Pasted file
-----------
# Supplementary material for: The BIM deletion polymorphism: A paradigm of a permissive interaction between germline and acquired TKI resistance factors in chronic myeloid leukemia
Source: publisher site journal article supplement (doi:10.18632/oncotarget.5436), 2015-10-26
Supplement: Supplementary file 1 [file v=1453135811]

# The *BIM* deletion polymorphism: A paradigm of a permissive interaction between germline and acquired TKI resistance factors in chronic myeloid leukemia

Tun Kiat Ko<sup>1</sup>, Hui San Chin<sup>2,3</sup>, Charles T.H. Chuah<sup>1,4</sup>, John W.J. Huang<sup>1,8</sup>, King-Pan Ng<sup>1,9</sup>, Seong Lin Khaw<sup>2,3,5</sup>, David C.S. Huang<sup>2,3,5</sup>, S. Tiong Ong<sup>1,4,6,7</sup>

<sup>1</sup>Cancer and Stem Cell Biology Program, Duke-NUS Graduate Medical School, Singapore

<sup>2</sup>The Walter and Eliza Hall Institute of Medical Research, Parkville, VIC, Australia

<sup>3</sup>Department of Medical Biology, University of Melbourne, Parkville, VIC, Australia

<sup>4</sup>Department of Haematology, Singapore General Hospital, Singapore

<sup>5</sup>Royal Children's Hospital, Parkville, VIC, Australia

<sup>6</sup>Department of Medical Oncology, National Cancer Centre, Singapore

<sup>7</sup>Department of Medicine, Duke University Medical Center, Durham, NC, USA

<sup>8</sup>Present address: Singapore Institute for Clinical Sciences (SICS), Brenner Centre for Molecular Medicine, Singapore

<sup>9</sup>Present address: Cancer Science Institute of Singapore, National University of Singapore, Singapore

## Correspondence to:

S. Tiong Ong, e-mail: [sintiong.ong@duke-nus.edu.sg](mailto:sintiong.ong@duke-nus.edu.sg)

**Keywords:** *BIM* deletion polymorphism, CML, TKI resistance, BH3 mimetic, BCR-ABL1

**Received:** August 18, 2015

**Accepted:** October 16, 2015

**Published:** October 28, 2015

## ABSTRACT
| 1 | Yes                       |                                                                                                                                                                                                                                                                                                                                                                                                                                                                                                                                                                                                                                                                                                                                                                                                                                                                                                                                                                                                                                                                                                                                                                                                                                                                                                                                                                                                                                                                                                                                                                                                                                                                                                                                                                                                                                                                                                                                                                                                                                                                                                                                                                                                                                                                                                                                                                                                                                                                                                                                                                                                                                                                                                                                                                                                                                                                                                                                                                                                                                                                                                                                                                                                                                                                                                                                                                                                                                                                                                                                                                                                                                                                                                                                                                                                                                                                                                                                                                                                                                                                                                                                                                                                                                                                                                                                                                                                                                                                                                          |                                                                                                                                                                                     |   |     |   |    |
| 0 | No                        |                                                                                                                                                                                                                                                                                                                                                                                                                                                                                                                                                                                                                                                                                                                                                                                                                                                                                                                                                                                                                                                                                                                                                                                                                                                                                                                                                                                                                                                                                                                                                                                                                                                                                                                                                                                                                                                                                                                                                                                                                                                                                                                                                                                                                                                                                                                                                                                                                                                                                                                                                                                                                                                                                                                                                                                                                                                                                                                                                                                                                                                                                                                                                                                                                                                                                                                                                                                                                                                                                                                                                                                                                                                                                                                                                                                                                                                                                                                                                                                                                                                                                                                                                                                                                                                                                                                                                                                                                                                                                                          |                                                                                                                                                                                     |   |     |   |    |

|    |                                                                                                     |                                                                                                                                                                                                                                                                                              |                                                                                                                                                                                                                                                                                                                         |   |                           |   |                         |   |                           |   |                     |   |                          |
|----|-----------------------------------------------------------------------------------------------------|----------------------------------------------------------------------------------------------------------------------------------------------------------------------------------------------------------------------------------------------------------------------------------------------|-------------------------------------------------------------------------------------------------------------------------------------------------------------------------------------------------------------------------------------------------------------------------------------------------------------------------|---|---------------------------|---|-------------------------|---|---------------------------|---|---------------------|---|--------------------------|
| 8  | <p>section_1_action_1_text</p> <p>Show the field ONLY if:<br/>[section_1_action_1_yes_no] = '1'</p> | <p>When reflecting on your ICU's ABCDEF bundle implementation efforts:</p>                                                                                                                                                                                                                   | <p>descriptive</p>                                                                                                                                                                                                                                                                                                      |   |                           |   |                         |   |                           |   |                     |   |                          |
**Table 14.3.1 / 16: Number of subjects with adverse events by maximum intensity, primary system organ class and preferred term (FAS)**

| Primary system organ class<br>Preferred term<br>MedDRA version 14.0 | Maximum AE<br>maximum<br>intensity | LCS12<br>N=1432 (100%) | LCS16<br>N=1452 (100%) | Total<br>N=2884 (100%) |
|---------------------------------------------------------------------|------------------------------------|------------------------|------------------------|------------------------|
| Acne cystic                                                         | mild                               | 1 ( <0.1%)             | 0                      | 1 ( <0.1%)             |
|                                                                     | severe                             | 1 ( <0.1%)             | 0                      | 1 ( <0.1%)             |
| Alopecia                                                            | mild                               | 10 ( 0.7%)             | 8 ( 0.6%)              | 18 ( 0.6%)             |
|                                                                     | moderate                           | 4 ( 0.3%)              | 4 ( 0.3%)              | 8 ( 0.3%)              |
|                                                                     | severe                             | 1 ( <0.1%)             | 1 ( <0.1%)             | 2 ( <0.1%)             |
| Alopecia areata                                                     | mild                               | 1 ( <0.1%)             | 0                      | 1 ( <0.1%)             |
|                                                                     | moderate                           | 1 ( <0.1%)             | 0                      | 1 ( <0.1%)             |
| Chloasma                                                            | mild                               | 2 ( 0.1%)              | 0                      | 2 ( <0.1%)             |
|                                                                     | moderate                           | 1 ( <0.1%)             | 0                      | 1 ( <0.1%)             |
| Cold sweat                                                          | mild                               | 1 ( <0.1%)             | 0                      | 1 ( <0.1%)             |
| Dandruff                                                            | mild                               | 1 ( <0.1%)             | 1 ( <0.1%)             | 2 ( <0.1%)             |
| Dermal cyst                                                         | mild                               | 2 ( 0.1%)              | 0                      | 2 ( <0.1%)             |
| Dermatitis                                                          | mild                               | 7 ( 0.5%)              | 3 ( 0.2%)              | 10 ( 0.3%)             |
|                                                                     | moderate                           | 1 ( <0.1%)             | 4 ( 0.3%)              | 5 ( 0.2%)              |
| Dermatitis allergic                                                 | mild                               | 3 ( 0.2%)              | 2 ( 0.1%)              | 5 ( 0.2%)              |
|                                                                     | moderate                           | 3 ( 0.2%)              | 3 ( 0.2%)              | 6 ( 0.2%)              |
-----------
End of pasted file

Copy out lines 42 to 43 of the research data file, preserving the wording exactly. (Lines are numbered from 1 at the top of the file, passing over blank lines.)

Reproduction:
| Dermatitis                                                          | mild                               | 7 ( 0.5%)              | 3 ( 0.2%)              | 10 ( 0.3%)             |
|                                                                     | moderate                           | 1 ( <0.1%)             | 4 ( 0.3%)              | 5 ( 0.2%)              |